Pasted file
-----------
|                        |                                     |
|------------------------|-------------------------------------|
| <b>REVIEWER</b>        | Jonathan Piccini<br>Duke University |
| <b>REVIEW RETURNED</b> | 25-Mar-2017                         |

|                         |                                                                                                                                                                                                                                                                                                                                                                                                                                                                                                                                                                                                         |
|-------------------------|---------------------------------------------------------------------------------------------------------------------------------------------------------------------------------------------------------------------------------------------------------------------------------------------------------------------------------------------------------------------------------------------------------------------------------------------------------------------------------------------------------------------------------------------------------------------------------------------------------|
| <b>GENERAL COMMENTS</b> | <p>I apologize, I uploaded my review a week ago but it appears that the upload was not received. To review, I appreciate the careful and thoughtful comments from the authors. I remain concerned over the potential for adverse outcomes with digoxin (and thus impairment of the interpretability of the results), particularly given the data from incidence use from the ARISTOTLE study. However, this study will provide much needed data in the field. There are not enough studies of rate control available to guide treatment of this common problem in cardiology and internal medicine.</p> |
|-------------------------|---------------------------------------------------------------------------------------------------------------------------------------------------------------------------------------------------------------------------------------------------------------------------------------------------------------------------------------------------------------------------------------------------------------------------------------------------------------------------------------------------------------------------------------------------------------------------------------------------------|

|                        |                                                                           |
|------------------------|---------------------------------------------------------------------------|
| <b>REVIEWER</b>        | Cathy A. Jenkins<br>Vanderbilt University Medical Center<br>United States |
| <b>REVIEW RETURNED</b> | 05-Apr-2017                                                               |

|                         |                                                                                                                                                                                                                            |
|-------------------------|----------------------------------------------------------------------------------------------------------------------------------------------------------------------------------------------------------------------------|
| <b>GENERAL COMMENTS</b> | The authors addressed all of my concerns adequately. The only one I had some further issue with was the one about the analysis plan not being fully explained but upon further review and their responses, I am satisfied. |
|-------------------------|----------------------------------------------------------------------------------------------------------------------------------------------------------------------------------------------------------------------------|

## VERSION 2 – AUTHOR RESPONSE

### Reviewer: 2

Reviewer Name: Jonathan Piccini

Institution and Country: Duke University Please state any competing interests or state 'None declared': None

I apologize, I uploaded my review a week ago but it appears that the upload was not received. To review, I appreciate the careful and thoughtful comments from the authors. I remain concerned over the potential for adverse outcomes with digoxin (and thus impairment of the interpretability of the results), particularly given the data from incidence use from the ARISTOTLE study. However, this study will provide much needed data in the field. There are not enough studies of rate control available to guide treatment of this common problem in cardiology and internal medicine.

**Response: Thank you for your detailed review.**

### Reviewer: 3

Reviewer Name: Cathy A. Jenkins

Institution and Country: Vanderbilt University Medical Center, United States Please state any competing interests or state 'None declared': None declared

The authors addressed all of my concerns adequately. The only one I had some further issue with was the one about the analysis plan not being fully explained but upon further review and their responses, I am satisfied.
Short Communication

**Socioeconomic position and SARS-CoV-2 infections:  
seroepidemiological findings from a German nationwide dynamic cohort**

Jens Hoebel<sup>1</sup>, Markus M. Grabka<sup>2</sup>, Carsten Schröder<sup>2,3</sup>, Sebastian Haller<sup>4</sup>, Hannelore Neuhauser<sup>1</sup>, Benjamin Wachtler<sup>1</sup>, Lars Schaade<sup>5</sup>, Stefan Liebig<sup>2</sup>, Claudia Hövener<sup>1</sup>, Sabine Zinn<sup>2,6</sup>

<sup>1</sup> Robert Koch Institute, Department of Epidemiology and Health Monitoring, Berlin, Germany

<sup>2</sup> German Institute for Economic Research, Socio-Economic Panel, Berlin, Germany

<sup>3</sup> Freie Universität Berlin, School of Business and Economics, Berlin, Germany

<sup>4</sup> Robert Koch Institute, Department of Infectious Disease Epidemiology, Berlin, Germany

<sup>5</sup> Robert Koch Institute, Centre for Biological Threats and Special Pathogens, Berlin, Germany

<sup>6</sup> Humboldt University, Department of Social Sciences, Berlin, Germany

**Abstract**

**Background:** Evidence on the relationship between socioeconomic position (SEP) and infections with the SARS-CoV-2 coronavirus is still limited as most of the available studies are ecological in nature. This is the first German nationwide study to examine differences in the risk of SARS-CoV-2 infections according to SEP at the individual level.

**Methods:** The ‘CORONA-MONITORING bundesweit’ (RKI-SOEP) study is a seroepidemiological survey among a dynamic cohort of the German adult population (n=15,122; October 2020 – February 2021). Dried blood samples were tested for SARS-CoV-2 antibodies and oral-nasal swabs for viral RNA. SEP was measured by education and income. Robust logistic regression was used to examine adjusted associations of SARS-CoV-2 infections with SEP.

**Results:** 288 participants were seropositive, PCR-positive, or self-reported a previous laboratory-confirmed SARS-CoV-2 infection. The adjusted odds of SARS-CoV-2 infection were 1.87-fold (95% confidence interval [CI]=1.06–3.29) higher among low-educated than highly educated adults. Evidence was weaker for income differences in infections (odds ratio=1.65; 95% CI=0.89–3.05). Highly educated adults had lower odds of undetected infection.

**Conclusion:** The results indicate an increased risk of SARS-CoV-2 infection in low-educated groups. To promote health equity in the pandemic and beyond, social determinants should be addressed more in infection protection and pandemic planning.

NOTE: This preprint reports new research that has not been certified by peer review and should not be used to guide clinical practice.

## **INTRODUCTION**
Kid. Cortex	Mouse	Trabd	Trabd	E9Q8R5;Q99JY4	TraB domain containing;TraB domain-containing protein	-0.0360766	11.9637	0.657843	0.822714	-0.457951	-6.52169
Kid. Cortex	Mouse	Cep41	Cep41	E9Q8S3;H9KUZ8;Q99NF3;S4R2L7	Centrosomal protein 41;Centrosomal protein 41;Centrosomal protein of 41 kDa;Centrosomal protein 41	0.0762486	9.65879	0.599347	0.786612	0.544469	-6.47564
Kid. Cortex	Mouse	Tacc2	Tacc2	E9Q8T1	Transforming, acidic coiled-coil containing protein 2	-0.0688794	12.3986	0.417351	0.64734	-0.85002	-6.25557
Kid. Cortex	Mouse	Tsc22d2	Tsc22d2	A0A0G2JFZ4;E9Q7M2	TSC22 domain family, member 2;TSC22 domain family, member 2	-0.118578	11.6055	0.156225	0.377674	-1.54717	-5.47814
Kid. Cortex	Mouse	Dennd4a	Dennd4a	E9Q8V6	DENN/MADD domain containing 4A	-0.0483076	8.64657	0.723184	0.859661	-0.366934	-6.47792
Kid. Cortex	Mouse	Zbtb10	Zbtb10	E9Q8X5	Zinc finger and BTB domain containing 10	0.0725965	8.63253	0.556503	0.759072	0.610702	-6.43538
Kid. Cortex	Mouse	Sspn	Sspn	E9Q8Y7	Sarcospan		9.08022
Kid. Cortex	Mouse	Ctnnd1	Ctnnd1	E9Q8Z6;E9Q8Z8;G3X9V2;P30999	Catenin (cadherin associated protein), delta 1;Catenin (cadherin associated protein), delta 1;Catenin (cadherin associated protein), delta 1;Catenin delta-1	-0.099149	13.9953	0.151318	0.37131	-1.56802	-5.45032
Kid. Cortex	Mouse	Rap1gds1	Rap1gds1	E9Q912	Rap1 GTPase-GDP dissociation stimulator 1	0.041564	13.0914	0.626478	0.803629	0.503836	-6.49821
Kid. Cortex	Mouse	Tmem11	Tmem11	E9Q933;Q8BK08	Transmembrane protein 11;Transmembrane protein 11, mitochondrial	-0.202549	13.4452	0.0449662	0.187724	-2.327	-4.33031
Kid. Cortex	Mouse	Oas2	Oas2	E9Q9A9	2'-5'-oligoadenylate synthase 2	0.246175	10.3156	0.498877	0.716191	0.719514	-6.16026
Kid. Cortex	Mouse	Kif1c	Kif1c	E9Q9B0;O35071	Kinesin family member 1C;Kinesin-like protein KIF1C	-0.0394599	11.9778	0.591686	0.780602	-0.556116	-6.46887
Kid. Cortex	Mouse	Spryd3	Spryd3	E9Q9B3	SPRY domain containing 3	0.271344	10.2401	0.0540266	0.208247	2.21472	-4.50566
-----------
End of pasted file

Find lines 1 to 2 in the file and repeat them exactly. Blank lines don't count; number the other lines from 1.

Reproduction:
|                        |                                     |
|------------------------|-------------------------------------|